UV disinfection is usually accomplished with mercury arc lamps containing elemental mercury and an inert gas, such as argon, in a UV-transmitting tube, usually quartz. Traditionally, most mercury arc UV lamps have been the so-called "low pressure" type, because they operate at relatively low partial pressure of mercury, low overall vapor pressure (about 2 mbar), low external temperature (50-100oC) and low power. These lamps omit nearly monochromatic UV radiation at a wavelength of 254 nm, which is in the optimum range for UV energy absorption by nucleic acids (about 240-280 nm). In recent years medium pressure UV lamps that operate at much higher pressures, temperatures and power levels and emit a broad spectrum of higher UV energy between 200 and 320 nm have become commercially available. However, for UV disinfection of drinking water at the household level, the low-pressure lamps and systems are entirely adequate and even preferred to medium pressure lamps and systems. This is because they operate at lower power, lower temperature, and lower cost while being highly effective in disinfecting more than enough water for daily household use. An essential requirement for UV disinfection with lamp systems is an available and reliable source of electricity. While the power requirements of low-pressure mercury UV lamp disinfection systems are modest, they are essential for lamp operation to disinfect water.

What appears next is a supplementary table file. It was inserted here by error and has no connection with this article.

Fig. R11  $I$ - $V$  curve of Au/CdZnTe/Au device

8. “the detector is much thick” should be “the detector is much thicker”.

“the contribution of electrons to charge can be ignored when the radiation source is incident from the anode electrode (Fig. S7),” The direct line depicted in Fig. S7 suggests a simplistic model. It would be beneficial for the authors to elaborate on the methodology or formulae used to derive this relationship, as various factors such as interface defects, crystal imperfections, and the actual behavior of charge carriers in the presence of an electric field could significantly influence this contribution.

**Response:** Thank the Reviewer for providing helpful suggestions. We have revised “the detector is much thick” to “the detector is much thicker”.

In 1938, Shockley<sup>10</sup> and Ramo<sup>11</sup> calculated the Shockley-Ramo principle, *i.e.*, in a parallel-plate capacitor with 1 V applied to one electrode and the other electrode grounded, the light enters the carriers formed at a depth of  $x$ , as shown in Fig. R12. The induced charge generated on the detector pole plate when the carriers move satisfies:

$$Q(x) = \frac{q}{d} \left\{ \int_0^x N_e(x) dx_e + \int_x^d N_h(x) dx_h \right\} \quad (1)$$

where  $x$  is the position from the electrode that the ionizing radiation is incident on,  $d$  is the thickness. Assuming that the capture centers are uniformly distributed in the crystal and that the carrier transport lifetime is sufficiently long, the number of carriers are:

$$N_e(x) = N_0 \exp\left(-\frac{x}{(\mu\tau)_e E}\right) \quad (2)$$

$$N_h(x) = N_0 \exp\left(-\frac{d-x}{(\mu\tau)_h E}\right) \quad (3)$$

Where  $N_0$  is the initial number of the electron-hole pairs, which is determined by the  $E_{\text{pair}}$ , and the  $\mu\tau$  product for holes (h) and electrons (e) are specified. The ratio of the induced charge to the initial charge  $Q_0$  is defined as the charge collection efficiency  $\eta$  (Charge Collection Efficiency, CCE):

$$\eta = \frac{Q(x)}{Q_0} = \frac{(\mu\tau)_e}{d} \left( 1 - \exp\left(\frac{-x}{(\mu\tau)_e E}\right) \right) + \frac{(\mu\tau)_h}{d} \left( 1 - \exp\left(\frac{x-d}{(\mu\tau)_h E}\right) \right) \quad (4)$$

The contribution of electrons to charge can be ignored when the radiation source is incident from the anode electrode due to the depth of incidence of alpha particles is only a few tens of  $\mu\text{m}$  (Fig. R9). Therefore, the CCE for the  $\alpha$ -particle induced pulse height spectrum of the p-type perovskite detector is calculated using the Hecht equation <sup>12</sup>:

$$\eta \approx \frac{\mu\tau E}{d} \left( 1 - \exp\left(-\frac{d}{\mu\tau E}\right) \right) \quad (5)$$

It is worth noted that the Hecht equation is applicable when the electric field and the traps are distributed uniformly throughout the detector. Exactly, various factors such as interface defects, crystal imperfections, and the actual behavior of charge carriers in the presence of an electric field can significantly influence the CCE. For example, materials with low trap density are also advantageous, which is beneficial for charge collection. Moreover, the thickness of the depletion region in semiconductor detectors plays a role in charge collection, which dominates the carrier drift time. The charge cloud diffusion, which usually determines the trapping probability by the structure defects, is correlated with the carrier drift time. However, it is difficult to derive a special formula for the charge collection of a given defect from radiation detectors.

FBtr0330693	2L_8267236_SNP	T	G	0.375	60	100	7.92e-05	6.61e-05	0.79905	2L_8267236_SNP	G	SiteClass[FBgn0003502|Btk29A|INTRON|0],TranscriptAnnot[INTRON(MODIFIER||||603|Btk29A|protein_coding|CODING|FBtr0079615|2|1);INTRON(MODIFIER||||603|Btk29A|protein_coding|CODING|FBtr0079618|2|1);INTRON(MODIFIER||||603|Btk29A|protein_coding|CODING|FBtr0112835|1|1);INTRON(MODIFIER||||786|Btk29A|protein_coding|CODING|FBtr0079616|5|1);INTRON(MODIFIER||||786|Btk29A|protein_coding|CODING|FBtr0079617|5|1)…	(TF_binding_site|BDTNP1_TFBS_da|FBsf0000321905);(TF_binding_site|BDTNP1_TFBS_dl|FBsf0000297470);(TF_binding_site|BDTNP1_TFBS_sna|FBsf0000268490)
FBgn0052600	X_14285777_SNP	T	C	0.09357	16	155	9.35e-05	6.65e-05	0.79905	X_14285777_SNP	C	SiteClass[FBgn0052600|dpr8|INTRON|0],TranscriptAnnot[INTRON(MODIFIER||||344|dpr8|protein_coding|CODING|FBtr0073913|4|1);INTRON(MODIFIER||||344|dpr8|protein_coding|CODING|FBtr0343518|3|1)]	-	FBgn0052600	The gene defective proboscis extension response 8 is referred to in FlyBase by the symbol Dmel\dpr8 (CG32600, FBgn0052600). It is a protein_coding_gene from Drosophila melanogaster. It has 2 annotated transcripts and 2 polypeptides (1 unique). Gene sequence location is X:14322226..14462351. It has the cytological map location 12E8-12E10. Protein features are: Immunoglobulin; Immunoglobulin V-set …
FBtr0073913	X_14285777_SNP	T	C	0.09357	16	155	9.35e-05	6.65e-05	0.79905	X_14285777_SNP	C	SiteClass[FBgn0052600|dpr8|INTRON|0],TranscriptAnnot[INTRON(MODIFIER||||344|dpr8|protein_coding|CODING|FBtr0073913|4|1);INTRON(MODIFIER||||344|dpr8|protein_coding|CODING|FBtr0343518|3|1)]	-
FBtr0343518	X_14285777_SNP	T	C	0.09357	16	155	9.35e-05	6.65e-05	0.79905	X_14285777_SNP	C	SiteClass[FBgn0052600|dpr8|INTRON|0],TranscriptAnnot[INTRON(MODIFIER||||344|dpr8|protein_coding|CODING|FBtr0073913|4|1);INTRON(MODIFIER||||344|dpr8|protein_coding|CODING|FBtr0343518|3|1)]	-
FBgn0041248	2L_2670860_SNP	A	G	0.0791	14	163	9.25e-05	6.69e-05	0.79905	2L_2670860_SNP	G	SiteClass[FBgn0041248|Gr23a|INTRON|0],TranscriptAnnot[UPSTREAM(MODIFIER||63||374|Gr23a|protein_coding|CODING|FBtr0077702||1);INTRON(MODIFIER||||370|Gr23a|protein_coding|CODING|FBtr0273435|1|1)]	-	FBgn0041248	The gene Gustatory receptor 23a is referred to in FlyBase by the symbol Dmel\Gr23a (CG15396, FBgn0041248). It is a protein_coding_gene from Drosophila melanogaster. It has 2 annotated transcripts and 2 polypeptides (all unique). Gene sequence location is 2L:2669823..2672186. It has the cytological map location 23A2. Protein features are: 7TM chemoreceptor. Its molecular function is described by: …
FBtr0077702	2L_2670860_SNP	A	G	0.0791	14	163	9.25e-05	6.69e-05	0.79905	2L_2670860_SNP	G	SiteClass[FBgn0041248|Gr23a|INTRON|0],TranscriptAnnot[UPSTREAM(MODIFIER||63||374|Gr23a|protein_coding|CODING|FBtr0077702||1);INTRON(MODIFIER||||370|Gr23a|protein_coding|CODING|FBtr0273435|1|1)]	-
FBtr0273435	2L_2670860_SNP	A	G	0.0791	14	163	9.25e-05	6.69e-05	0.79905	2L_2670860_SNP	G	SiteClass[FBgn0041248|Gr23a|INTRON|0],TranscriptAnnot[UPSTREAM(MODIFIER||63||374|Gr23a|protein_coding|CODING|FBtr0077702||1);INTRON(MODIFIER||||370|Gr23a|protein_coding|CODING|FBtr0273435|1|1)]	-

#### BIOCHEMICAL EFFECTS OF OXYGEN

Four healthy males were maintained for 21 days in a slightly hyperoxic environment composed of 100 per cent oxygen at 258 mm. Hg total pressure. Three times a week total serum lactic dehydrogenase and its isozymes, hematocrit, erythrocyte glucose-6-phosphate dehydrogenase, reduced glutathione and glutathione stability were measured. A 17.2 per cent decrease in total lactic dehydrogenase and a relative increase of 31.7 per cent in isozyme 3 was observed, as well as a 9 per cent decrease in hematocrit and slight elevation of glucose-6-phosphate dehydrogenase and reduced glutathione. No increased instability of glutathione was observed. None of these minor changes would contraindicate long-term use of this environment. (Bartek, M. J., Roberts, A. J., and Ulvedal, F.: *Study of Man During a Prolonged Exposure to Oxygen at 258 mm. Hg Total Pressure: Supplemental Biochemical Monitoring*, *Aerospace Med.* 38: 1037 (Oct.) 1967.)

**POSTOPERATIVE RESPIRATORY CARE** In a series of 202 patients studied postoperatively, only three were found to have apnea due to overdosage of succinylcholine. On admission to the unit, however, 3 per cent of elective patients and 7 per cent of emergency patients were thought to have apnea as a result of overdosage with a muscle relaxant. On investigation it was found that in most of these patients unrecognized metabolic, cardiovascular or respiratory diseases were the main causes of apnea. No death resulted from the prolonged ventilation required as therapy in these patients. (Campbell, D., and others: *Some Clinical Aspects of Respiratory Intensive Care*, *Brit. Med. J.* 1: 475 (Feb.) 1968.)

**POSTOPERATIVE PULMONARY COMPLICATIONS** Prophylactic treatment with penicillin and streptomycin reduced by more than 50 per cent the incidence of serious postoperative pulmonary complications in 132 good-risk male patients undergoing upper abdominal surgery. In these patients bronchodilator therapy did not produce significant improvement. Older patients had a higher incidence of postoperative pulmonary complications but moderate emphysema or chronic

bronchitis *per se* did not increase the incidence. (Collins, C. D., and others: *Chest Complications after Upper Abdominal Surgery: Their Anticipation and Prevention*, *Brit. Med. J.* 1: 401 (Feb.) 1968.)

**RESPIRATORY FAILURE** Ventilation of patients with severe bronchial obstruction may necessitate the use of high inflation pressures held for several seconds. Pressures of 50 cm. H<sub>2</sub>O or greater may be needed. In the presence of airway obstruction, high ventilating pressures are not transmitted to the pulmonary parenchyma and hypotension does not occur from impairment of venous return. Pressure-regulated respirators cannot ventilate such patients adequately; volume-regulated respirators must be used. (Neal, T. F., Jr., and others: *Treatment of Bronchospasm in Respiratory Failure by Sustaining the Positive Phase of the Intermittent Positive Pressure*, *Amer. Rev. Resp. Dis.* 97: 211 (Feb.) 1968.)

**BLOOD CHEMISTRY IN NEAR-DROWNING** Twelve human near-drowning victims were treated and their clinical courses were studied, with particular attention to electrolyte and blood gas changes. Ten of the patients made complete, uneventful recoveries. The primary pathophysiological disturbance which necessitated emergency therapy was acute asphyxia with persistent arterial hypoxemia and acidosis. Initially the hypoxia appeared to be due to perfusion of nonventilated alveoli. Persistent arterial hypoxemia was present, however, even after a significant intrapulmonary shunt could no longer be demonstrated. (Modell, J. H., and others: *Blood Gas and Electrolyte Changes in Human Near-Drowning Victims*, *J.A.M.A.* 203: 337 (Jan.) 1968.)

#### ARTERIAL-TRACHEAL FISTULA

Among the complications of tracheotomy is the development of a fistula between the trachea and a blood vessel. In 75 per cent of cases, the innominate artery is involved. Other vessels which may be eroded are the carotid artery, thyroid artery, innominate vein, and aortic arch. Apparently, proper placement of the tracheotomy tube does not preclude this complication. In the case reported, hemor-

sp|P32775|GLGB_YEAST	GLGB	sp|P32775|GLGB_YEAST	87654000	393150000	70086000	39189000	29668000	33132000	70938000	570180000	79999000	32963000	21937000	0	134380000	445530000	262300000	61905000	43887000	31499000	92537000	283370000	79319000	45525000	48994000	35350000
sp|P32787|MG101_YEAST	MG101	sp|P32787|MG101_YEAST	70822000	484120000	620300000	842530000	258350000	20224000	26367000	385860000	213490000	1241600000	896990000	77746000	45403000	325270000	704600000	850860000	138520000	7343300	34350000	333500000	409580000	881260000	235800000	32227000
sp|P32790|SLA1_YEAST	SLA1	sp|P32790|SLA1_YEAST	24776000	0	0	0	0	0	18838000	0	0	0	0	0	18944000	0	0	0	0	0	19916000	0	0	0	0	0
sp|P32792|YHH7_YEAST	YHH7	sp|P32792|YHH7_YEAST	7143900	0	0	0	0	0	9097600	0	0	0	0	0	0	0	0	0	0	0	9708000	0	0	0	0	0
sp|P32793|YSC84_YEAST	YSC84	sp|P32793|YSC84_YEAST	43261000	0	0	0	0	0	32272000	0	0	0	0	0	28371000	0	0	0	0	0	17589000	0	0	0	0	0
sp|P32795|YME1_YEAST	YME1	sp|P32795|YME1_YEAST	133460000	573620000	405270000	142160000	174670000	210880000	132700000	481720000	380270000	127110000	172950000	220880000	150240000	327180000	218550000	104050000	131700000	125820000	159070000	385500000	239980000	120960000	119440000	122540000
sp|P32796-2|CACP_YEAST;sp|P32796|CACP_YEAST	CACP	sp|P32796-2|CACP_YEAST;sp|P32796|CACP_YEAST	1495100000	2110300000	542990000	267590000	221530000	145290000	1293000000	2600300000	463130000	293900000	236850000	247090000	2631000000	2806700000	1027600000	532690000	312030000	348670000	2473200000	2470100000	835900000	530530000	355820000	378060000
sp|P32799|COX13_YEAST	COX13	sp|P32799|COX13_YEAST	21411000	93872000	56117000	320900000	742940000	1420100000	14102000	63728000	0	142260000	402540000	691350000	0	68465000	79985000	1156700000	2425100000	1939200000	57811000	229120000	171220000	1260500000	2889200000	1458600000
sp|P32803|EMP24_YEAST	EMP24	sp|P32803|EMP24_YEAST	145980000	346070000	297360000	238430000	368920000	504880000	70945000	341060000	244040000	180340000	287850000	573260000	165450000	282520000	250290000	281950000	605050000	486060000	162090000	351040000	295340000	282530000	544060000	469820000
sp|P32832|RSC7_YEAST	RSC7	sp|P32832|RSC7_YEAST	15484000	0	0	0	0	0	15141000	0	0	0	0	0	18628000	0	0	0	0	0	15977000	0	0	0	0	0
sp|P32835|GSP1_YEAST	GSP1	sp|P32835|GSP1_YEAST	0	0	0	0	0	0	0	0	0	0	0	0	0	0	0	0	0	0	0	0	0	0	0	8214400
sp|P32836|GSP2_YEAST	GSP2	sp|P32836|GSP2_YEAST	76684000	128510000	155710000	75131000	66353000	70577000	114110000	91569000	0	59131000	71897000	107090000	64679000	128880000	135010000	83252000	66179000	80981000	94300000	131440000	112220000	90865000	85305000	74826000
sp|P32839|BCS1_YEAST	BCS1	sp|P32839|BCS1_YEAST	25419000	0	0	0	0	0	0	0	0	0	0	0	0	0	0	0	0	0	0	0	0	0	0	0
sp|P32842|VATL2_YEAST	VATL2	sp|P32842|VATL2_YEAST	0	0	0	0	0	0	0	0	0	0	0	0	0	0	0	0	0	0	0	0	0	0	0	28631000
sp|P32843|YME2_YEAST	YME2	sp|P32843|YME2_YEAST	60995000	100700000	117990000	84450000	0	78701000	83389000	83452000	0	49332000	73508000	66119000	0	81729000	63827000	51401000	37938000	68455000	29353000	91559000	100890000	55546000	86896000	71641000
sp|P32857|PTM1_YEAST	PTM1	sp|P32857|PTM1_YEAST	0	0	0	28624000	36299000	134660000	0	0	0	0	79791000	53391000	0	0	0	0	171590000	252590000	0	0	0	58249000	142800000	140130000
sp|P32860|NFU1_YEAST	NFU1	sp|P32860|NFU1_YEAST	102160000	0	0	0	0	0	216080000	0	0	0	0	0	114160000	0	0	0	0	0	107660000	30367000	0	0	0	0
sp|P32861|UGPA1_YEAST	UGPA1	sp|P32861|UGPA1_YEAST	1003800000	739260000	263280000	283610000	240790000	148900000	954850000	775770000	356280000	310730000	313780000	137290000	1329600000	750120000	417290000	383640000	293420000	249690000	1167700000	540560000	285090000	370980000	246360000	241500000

9 Costs of UV disinfection for household water
At sufficiently high doses, all waterborne enteric pathogens are inactivated by UV radiation. The general order of microbial resistance (from least to most) and corresponding UV doses for extensive (>99.9%) inactivation are: vegetative bacteria and the protozoan parasites Cryptosporidium parvum and Giardia lamblia at low doses (1-10 mJ/cm2) and enteric viruses and bacterial spores at high doses (30-150 mJ/cm2). Most low-pressure mercury lamp UV disinfection systems can readily achieve UV radiation doses of 50-150 mJ/cm2 in high quality water, and therefore efficiently disinfect essentially all waterborne pathogens. However, dissolved organic matter, such as natural organic matter, certain inorganic solutes, such as iron, sulfites and nitrites, and suspended matter (particulates or turbidity) will absorb UV radiation or shield microbes from UV radiation, resulting in lower delivered UV doses and reduced microbial disinfection. Another concern about disinfecting microbes with lower doses of UV radiation is the ability of bacteria and other cellular microbes to repair UV-induced damage and restore infectivity, a phenomenon known as reactivation. UV inactivates microbes primarily by chemically altering nucleic acids (pyrimidine dimers and other alterations). However, the UV-induced chemical lesions can be repaired by cellular enzymatic mechanisms, some of which are independent of light (dark repair) and others of which require visible light (photorepair or photoreactivation). Therefore, achieving optimum UV disinfection of water requires delivering a sufficient UV dose to induce greater levels of nucleic acid damage and thereby overcome or overwhelm DNA repair mechanisms.